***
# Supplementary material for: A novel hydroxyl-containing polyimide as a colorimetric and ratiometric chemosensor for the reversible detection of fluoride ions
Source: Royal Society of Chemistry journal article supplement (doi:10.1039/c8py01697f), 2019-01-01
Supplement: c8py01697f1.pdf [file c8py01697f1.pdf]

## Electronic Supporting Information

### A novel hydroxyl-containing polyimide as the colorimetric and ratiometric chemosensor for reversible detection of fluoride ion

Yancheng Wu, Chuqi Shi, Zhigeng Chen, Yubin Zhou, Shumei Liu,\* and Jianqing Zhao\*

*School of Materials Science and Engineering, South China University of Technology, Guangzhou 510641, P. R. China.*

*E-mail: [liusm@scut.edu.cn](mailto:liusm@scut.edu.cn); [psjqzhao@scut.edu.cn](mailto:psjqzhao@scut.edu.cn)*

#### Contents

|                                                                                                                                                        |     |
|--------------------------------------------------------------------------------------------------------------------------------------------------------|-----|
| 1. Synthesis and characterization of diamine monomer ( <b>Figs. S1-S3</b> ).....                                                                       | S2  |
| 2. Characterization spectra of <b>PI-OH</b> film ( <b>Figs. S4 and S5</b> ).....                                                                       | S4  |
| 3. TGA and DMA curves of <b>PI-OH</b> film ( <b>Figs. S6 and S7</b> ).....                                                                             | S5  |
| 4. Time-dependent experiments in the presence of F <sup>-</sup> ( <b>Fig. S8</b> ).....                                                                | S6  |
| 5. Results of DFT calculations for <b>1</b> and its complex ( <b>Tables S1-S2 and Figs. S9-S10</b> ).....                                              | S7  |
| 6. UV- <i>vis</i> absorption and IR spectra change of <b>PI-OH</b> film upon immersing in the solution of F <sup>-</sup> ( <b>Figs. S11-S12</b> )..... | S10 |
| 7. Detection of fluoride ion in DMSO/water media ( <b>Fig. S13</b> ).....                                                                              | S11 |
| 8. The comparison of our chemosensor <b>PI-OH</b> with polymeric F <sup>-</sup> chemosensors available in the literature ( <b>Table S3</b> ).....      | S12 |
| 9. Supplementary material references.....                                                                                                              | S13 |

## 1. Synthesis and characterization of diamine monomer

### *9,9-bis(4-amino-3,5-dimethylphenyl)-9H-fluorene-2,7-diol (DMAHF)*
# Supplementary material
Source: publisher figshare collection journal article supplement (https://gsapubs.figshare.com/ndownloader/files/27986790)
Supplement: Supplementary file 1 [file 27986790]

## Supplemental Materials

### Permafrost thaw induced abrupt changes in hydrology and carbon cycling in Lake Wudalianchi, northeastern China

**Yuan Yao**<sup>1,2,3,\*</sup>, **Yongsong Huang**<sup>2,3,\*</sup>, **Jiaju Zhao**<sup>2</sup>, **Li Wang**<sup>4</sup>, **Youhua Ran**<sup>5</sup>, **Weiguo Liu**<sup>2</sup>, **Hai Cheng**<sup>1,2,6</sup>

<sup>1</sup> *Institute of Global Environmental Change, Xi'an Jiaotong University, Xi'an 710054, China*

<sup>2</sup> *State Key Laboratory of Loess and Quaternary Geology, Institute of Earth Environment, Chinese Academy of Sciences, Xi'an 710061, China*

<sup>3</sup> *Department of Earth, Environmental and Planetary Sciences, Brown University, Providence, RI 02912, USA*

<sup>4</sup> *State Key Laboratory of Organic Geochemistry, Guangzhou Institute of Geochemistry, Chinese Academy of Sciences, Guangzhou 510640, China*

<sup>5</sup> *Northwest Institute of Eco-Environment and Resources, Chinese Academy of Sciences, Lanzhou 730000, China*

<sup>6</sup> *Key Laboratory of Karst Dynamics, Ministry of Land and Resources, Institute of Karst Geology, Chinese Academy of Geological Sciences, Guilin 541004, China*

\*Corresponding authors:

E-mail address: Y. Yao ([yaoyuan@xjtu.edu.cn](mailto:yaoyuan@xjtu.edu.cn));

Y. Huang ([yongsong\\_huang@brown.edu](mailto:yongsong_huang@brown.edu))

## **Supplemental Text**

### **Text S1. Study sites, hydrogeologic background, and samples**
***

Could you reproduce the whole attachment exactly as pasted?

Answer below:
# Supplementary material for: A novel hydroxyl-containing polyimide as a colorimetric and ratiometric chemosensor for the reversible detection of fluoride ions
Source: Royal Society of Chemistry journal article supplement (doi:10.1039/c8py01697f), 2019-01-01
Supplement: c8py01697f1.pdf [file c8py01697f1.pdf]

## Electronic Supporting Information

### A novel hydroxyl-containing polyimide as the colorimetric and ratiometric chemosensor for reversible detection of fluoride ion

Yancheng Wu, Chuqi Shi, Zhigeng Chen, Yubin Zhou, Shumei Liu,\* and Jianqing Zhao\*

*School of Materials Science and Engineering, South China University of Technology, Guangzhou 510641, P. R. China.*

*E-mail: [liusm@scut.edu.cn](mailto:liusm@scut.edu.cn); [psjqzhao@scut.edu.cn](mailto:psjqzhao@scut.edu.cn)*

#### Contents

|                                                                                                                                                        |     |
|--------------------------------------------------------------------------------------------------------------------------------------------------------|-----|
| 1. Synthesis and characterization of diamine monomer ( <b>Figs. S1-S3</b> ).....                                                                       | S2  |
| 2. Characterization spectra of <b>PI-OH</b> film ( <b>Figs. S4 and S5</b> ).....                                                                       | S4  |
| 3. TGA and DMA curves of <b>PI-OH</b> film ( <b>Figs. S6 and S7</b> ).....                                                                             | S5  |
| 4. Time-dependent experiments in the presence of F <sup>-</sup> ( <b>Fig. S8</b> ).....                                                                | S6  |
| 5. Results of DFT calculations for <b>1</b> and its complex ( <b>Tables S1-S2 and Figs. S9-S10</b> ).....                                              | S7  |
| 6. UV- <i>vis</i> absorption and IR spectra change of <b>PI-OH</b> film upon immersing in the solution of F <sup>-</sup> ( <b>Figs. S11-S12</b> )..... | S10 |
| 7. Detection of fluoride ion in DMSO/water media ( <b>Fig. S13</b> ).....                                                                              | S11 |
| 8. The comparison of our chemosensor <b>PI-OH</b> with polymeric F <sup>-</sup> chemosensors available in the literature ( <b>Table S3</b> ).....      | S12 |
| 9. Supplementary material references.....                                                                                                              | S13 |

## 1. Synthesis and characterization of diamine monomer

### *9,9-bis(4-amino-3,5-dimethylphenyl)-9H-fluorene-2,7-diol (DMAHF)*
# Supplementary material
Source: publisher figshare collection journal article supplement (https://gsapubs.figshare.com/ndownloader/files/27986790)
Supplement: Supplementary file 1 [file 27986790]

## Supplemental Materials

### Permafrost thaw induced abrupt changes in hydrology and carbon cycling in Lake Wudalianchi, northeastern China

**Yuan Yao**<sup>1,2,3,\*</sup>, **Yongsong Huang**<sup>2,3,\*</sup>, **Jiaju Zhao**<sup>2</sup>, **Li Wang**<sup>4</sup>, **Youhua Ran**<sup>5</sup>, **Weiguo Liu**<sup>2</sup>, **Hai Cheng**<sup>1,2,6</sup>

<sup>1</sup> *Institute of Global Environmental Change, Xi'an Jiaotong University, Xi'an 710054, China*

<sup>2</sup> *State Key Laboratory of Loess and Quaternary Geology, Institute of Earth Environment, Chinese Academy of Sciences, Xi'an 710061, China*

<sup>3</sup> *Department of Earth, Environmental and Planetary Sciences, Brown University, Providence, RI 02912, USA*

<sup>4</sup> *State Key Laboratory of Organic Geochemistry, Guangzhou Institute of Geochemistry, Chinese Academy of Sciences, Guangzhou 510640, China*

<sup>5</sup> *Northwest Institute of Eco-Environment and Resources, Chinese Academy of Sciences, Lanzhou 730000, China*

<sup>6</sup> *Key Laboratory of Karst Dynamics, Ministry of Land and Resources, Institute of Karst Geology, Chinese Academy of Geological Sciences, Guilin 541004, China*

\*Corresponding authors:

E-mail address: Y. Yao ([yaoyuan@xjtu.edu.cn](mailto:yaoyuan@xjtu.edu.cn));

Y. Huang ([yongsong\\_huang@brown.edu](mailto:yongsong_huang@brown.edu))

## **Supplemental Text**

### **Text S1. Study sites, hydrogeologic background, and samples**